30 January 2014
α(2)M, α(2)-Macroglobulin, AGEs, Advanced Glycation End Products, ALS, Autophagy Lysosome System, AP-1, Activator Protein-1, CLU, apolipoprotein J/Clusterin, EPMs, Enzymatic Protein Modifications, ER, Endoplasmic Reticulum, ERAD, ER-Associated protein Degradation, GRP78, Glucose Regulated Protein of 78 kDa, GPx7, Glutathione Peroxidase 7, Hb, Haemoglobin, HSF1, Heat Shock transcription Factor-1, HSP, Heat Shock Protein, Keap1, Kelch-like ECH-associated protein 1, NADH, Nicotinamide Adenine Dinucleotide, NEPMs, Non-Enzymatic Protein Modifications, NOS, Nitric Oxide Synthase, NOx, NAD(P)H Oxidase, Nrf2, NF-E2-related factor 2, PDI, Protein Disulfide Isomerase, PDR, Proteome Damage Responses, PN, Proteostasis Network, RNS, Reactive Nitrogen Species, ROS, Reactive Oxygen Species, UPR, Unfolded Protein Response, UPS, Ubiquitin Proteasome System, Chaperones, Diseases, Free radicals, Oxidative stress, Proteome, Redox signalling
Free radicals originate from both exogenous environmental sources and as by-products of the respiratory chain and cellular oxygen metabolism. Sustained accumulation of free radicals, beyond a physiological level, induces oxidative stress that is harmful for the cellular homeodynamics as it promotes the oxidative damage and stochastic modification of all cellular biomolecules including proteins. In relation to proteome stability and maintenance, the increased concentration of oxidants disrupts the functionality of cellular protein machines resulting eventually in proteotoxic stress and the deregulation of the proteostasis (homeostasis of the proteome) network (PN). PN curates the proteome in the various cellular compartments and the extracellular milieu by modulating protein synthesis and protein machines assembly, protein recycling and stress responses, as well as refolding or degradation of damaged proteins. Molecular chaperones are key players of the PN since they facilitate folding of nascent polypeptides, as well as holding, folding, and/or degradation of unfolded, misfolded, or non-native proteins. Therefore, the expression and the activity of the molecular chaperones are tightly regulated at both the transcriptional and post-translational level at organismal states of increased oxidative and, consequently, proteotoxic stress, including ageing and various age-related diseases (e.g. degenerative diseases and cancer). In the current review we present a synopsis of the various classes of intra- and extracellular chaperones, the effects of oxidants on cellular homeodynamics and diseases and the redox regulation of chaperones.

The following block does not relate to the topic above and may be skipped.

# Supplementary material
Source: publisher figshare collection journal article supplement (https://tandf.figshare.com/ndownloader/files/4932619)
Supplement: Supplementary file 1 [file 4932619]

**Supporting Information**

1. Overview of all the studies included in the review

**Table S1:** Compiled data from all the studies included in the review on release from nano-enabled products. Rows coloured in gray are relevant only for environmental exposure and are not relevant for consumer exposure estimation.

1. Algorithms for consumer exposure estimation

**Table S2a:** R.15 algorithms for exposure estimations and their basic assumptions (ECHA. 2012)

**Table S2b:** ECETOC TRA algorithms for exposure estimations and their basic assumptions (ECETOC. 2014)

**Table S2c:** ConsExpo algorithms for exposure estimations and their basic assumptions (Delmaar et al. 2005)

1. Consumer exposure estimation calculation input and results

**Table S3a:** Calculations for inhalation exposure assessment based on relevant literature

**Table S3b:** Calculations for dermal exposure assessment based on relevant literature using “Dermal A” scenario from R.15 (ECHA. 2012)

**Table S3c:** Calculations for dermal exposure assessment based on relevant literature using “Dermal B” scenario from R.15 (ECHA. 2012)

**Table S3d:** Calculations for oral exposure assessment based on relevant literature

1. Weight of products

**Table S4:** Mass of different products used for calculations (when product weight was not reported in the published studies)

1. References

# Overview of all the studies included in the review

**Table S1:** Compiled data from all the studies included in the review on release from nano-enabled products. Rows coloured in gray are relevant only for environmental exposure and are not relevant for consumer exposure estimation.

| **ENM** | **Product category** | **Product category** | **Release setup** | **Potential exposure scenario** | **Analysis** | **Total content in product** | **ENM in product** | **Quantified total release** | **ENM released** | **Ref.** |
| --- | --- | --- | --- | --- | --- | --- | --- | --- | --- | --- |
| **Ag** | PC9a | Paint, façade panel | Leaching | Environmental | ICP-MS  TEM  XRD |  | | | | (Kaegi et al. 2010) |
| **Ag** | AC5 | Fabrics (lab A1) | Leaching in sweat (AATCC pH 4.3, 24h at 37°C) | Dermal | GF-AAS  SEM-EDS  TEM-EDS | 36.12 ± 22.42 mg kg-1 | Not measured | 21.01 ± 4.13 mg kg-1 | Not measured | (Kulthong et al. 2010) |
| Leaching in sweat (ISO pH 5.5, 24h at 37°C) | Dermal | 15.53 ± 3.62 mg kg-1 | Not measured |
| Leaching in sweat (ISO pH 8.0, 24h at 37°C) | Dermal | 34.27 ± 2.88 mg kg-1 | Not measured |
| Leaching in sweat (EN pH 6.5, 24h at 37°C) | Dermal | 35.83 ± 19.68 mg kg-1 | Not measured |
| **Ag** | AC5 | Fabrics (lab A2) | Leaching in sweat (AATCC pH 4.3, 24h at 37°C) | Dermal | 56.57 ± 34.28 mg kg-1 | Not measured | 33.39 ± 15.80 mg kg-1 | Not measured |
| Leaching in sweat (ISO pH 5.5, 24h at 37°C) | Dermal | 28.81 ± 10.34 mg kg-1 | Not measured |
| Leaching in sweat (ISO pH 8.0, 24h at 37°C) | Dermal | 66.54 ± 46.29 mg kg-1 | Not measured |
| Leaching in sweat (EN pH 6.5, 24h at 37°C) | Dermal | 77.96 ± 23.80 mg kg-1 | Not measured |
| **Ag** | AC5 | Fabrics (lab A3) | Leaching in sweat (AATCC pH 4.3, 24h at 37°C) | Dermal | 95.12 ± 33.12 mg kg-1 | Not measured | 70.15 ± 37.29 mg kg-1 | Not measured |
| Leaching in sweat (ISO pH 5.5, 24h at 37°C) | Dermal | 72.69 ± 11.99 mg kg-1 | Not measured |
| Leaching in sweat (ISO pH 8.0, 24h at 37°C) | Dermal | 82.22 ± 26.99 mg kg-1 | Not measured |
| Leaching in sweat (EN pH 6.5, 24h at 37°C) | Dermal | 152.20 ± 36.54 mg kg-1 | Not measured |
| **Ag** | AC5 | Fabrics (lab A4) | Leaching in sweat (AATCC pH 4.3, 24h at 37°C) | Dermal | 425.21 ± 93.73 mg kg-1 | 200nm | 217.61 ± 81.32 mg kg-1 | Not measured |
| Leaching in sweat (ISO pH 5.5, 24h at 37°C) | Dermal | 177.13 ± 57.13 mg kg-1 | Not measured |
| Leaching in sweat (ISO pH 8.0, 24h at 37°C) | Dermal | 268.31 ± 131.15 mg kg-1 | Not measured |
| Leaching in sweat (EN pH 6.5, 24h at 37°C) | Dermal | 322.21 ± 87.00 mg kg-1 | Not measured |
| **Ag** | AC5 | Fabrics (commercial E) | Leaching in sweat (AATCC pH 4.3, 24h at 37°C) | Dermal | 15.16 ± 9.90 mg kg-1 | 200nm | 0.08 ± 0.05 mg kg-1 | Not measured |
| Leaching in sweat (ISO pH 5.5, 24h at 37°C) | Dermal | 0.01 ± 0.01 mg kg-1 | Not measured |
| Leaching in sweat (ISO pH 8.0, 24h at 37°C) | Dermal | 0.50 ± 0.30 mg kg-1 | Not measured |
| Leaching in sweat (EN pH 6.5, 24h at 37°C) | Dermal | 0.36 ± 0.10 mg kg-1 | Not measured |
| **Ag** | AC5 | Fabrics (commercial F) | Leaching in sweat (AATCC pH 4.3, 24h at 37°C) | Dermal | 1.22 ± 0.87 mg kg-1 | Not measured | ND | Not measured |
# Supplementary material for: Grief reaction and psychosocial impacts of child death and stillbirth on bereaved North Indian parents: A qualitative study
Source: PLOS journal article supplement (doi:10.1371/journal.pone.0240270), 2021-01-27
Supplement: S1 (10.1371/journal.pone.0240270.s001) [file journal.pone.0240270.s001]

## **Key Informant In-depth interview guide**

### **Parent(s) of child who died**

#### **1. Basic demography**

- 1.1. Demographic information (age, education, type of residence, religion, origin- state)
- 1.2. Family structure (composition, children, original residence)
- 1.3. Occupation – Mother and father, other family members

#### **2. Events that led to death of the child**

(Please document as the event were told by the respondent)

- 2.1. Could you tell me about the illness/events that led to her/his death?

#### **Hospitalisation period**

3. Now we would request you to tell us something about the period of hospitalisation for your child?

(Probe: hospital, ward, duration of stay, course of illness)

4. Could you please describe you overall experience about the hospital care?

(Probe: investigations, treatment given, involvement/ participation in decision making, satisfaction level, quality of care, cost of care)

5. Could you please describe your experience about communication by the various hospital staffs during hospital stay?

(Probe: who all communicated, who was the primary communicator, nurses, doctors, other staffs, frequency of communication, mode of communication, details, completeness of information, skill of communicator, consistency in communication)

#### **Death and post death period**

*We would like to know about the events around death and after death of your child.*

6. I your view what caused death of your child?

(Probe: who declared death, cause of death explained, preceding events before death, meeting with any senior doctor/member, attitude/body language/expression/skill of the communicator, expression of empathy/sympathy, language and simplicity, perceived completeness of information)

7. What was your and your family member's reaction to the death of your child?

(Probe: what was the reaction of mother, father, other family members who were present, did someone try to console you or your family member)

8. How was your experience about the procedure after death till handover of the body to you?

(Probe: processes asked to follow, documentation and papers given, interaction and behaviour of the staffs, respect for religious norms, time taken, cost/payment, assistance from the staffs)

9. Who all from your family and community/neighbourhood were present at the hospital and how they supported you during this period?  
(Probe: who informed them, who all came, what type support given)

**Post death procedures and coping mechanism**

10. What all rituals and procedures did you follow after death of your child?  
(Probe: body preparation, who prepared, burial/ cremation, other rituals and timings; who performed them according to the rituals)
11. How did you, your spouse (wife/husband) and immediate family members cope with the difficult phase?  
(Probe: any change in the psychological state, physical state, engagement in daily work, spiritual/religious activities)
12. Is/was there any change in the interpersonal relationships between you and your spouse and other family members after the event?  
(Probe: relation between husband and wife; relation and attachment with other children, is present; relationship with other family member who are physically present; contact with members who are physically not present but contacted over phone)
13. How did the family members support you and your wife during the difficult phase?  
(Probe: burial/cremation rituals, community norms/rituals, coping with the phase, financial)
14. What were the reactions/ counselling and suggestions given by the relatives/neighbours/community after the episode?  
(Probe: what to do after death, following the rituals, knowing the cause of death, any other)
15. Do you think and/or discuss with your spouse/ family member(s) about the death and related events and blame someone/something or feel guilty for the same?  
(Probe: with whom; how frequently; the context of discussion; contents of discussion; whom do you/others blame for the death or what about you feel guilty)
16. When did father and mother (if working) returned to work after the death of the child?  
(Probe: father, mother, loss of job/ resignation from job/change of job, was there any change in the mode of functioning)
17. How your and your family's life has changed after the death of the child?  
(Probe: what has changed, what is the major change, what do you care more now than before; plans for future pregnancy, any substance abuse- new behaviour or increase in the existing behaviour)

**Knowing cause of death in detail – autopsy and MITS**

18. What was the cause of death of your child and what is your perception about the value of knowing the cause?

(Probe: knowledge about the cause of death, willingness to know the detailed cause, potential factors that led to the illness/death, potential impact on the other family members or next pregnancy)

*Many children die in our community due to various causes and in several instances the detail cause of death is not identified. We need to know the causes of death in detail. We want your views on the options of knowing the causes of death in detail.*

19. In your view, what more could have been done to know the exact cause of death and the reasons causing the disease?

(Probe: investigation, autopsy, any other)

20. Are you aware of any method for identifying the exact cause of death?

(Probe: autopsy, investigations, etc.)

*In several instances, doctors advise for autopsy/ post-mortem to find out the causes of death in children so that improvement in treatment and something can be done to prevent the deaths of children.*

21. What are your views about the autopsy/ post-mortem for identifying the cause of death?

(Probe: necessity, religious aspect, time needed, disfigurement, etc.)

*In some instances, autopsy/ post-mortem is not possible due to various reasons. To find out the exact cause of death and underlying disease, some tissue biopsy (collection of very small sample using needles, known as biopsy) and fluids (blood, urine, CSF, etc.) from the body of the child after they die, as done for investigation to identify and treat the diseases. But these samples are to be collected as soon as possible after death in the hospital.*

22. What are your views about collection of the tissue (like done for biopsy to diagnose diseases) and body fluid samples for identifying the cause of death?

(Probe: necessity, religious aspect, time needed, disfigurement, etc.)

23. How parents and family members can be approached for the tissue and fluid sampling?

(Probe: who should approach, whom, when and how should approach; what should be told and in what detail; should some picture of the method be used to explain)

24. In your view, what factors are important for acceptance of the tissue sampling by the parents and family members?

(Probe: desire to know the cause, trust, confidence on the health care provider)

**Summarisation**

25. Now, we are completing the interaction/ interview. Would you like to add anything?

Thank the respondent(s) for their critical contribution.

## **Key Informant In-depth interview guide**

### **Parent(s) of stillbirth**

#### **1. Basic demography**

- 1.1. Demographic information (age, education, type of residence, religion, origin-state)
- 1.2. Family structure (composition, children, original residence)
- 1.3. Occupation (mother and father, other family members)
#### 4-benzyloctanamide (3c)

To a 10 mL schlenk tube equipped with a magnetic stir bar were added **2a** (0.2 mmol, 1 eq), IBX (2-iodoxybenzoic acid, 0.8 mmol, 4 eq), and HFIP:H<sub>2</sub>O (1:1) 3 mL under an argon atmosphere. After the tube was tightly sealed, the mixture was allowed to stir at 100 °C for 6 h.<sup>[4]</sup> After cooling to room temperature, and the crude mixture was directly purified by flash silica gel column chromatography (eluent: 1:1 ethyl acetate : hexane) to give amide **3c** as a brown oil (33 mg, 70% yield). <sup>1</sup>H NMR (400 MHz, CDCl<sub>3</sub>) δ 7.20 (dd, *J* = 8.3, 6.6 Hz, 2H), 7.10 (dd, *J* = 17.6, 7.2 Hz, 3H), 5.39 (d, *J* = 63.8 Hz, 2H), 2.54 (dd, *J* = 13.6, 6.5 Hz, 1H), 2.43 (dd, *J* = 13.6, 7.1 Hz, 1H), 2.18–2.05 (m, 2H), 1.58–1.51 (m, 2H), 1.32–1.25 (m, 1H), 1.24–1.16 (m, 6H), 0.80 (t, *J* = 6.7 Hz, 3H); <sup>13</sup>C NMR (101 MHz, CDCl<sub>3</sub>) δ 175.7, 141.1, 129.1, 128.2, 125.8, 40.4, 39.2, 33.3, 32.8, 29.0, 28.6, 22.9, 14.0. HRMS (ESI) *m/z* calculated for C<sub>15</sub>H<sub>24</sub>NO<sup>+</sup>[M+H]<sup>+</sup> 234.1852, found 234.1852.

Free radicals originate from various sources and at physiological concentrations are essential for the modulation of cell signalling pathways.
Abnormally high levels of free radicals induce oxidative stress and damage all cellular biomolecules, including proteins.
Molecular chaperones facilitate folding of nascent polypeptides, as well as holding, folding, and/or degradation of damaged proteins.
The expression and the activity of chaperones during oxidative stress are regulated at both the transcriptional and post-translational level.